G.M. Rao is the newest noted philanthropist in India. Chairman of the GMR Group, which operates in the infrastructure space, Rao recently pledged to use his entire personal share of the business for social good. In an interview with India Knowledge at Wharton, Rao shared his reasons for giving. It has nothing to do with the Giving Pledge — an initiative spearheaded by Bill Gates and Warren Buffett calling on billionaires to promise to donate the majority of their wealth to charity — he says, though the duo was in India at the time of his announcement pushing their proposal to the country’s wealthy. “More than money, it is essential that we give people a good education and the skills to earn an honorable livelihood,” Rao says.
An edited transcript of the interview appears below.
India Knowledge at Wharton: Earlier this year, you pledged to create an endowment worth US$340 million to go toward the company’s social responsibility arm, the GMR Varalakshmi Foundation. When did you first contemplate this move and what was the thinking behind it?
G.M. Rao: It goes back a long way; it has been in my mind for over two decades. Social responsibility was enshrined in our seven values and beliefs [codified] a decade back. Our vision statement formulated around the same time states our commitment to make a difference to society. In the early 1990s, a trust was formed and I started channelizing funds in a systematic manner from the profits of GMR Infrastructure Ltd. In 2004, with increasing fund flow, the [nonprofit] GMR Varalakshmi Foundation was formed…. It is a professionally run organization, with structured processes and systems, annual plans and review processes. Three months back, we completed a 10-year strategic plan for the foundation and we made ambitious plans. So that this plan is not affected by a fund shortage, I decided to pledge the entire portion of my personal part of our wealth.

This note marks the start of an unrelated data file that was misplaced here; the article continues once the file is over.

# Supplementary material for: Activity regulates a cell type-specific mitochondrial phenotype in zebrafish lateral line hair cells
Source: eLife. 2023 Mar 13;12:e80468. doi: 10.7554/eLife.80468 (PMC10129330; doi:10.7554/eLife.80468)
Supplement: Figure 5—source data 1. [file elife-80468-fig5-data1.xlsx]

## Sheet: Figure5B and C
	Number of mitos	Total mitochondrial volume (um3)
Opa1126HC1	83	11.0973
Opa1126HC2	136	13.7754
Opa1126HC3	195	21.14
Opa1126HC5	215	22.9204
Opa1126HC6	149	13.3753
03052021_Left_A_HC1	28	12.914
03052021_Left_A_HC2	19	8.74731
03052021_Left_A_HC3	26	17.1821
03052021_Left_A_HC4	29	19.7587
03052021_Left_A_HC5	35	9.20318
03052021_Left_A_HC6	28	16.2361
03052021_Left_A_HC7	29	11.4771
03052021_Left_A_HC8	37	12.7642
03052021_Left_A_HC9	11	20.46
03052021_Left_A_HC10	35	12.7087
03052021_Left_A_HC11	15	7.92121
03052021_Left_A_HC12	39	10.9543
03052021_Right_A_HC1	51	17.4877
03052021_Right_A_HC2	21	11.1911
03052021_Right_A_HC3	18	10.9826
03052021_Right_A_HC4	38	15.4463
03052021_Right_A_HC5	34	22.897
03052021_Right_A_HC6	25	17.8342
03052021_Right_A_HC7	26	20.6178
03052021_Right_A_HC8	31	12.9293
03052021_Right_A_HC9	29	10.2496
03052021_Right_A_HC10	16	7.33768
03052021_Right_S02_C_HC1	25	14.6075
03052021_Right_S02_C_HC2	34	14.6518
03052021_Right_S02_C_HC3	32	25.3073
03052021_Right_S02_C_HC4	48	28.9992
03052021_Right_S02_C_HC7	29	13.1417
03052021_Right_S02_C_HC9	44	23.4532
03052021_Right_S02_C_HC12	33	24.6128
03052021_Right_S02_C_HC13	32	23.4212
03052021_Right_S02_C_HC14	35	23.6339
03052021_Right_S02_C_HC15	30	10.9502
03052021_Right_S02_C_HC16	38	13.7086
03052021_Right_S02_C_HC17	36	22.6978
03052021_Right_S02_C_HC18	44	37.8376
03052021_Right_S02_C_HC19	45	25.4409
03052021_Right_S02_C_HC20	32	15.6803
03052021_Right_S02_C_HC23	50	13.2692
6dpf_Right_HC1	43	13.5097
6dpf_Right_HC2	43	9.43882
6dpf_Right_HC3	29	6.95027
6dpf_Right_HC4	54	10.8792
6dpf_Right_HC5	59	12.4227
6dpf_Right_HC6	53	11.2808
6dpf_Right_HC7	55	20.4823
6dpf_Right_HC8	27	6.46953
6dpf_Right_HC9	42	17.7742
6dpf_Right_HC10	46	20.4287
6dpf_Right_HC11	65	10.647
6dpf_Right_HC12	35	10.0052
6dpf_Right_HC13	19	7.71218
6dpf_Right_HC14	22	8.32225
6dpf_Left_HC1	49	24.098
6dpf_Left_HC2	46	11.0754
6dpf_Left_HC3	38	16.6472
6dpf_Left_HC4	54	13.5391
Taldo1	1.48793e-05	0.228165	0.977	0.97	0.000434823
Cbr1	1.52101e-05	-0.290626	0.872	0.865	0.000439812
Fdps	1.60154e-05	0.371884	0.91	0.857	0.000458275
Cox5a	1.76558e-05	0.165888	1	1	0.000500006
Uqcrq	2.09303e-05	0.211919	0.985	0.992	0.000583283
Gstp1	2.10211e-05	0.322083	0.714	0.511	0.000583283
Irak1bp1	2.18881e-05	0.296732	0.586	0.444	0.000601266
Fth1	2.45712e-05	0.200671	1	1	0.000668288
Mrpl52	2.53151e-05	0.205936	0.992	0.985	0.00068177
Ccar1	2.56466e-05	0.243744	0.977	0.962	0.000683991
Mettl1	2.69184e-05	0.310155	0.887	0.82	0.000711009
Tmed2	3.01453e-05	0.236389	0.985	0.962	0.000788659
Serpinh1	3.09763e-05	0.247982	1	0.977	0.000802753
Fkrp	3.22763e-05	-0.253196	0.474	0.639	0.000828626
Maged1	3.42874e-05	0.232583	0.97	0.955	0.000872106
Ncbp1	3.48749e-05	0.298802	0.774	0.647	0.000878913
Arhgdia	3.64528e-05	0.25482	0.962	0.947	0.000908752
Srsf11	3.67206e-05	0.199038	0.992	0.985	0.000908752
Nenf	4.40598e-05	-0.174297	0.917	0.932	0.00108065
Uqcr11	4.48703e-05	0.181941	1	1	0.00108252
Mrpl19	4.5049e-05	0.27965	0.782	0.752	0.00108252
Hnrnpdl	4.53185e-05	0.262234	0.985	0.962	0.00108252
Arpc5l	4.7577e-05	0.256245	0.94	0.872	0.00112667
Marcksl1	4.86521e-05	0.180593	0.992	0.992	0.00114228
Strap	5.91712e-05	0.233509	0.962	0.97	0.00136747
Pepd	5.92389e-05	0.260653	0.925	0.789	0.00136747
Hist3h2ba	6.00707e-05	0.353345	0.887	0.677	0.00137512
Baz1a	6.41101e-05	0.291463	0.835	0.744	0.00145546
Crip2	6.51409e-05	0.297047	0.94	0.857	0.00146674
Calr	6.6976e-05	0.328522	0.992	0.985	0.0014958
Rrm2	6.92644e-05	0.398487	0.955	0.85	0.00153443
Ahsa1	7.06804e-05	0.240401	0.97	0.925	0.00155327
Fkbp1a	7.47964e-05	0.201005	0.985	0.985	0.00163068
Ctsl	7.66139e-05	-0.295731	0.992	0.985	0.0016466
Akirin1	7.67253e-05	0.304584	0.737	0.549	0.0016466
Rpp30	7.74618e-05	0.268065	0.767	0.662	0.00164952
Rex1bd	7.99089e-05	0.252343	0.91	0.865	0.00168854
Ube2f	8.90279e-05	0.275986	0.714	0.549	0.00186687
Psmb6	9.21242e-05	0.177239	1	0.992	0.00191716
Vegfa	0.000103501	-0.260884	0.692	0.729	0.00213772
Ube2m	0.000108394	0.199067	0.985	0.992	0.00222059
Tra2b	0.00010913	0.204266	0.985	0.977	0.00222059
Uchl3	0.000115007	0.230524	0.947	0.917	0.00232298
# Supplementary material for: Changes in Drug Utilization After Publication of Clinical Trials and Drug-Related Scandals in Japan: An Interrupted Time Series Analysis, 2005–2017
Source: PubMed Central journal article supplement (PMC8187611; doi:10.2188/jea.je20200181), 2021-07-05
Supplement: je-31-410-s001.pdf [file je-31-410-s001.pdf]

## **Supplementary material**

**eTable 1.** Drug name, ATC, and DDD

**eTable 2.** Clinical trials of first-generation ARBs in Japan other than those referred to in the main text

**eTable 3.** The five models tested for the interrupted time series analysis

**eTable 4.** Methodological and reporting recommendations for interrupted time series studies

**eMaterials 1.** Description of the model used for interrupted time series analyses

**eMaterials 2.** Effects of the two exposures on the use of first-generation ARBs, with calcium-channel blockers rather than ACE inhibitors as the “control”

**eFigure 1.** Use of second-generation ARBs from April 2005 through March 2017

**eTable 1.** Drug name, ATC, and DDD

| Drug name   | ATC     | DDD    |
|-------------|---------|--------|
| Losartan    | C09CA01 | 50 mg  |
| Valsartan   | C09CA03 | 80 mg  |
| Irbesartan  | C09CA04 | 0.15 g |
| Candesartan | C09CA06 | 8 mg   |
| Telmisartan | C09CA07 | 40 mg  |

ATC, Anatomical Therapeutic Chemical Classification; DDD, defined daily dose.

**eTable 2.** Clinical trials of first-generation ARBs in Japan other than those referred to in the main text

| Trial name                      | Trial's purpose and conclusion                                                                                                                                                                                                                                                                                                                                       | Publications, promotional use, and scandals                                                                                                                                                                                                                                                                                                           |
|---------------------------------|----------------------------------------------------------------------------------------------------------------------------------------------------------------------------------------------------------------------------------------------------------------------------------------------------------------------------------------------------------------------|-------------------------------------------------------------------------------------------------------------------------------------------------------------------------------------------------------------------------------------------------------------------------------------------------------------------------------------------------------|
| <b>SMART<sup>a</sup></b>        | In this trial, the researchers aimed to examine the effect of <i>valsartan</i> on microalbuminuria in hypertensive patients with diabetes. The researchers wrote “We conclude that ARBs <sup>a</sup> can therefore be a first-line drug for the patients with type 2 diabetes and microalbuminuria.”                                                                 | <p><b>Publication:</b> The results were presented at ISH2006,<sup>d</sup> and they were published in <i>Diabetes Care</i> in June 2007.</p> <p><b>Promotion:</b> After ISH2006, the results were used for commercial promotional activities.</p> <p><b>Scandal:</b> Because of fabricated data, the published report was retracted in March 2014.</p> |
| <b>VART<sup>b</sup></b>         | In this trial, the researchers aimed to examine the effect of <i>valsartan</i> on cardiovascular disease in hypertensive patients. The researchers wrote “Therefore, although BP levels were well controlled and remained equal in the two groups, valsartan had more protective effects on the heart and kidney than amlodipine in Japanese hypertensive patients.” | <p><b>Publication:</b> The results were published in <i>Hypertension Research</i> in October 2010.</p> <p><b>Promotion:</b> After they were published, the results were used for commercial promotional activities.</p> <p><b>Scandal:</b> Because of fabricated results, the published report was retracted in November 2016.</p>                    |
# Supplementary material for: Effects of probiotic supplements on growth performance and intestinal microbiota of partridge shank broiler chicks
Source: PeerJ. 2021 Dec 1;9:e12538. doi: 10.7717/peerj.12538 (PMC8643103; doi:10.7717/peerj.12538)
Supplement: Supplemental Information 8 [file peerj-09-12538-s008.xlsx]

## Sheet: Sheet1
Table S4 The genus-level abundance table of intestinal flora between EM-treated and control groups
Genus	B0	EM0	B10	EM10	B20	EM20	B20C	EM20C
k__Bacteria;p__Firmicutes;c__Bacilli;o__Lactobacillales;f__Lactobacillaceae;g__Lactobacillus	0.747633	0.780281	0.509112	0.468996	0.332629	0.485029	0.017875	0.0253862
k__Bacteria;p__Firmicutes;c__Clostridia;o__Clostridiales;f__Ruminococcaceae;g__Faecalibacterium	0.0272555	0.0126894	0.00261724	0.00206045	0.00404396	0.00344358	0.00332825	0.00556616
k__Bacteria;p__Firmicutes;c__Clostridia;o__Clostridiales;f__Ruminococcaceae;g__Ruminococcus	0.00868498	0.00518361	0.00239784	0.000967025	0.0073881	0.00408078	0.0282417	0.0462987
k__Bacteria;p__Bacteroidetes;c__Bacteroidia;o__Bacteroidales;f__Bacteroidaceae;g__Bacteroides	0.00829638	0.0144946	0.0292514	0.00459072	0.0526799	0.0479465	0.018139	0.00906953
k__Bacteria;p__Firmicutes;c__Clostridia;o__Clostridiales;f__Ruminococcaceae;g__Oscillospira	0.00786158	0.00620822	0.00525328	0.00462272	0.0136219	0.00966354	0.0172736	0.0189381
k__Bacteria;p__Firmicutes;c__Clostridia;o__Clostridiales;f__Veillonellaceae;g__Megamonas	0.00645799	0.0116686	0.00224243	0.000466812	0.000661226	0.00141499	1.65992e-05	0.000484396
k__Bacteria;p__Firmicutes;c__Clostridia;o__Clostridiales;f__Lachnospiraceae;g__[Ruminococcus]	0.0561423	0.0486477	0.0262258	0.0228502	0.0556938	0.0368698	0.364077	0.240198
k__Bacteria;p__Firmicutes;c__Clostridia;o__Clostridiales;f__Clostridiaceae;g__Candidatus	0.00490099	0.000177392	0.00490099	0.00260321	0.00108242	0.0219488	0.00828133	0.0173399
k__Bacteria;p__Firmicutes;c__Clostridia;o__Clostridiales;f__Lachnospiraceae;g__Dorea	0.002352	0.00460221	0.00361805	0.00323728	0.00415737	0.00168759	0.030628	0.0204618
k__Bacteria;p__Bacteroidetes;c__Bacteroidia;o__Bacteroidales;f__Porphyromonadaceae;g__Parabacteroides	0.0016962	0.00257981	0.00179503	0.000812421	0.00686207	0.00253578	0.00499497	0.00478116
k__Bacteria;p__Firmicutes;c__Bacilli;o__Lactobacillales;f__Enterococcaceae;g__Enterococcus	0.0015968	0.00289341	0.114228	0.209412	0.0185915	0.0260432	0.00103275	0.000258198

India Knowledge at Wharton: Can you please share the details of the transfer of the funds?
Rao: The family holding is divided into four trusts of 25% each. The shares endowed by me to the Foundation represent half of my share of the business. Since I hold a 25% share (together with my wife), I have endowed the Foundation with a 12.5% share. Ordinarily, the shares will remain within the corpus of the Foundation. It is the earnings from these shares [the dividend] which will accrue to the Foundation. However, we have built in an exception clause for the group chairman to sell some shares, if an acute need arises. The first right of refusal to buy those shares goes to the other family members.
India Knowledge at Wharton: What are your thoughts and philosophy regarding philanthropy in general and what have been the major influences that have shaped your thinking?
Rao: I do not like the word philanthropy as it gives a sense of being on a pedestal. I get inner peace in giving in a world where far too many people need a break in life. Those of us who have been able to create significant wealth are the fortunate ones who are in a position to help those who have not been so fortunate. It is our responsibility to ensure that every single individual in the world gets an even chance at life. These are the values I received from my parents. Somehow, the joy of giving was inculcated as a value from my childhood. Even at school, I would be sharing everything from books to food. My parents had instilled this value in me.
India Knowledge at Wharton: Do you consider Warren Buffett and Bill Gates and their Giving Pledge to be your role models? What about Wipro chairman and philanthropist Azim Premji?
Rao: Of course, I admire them greatly. But to be honest, in India, giving has been a part of our culture from time immemorial. In my family, this was always a deep-rooted value. In my business, we have been giving back to society in our own small way for the past 30 years.
India Knowledge at Wharton: What have you learned from your role as a philanthropist?
Rao: I have learned that if giving is to be effective, it has to be in areas that can make the biggest difference to human development in a sustainable manner.
The second lesson I have learned is that the fund flow must be subject to the rigor of a professionally-run organization with clear responsibility, accountability and focus on long-term impact.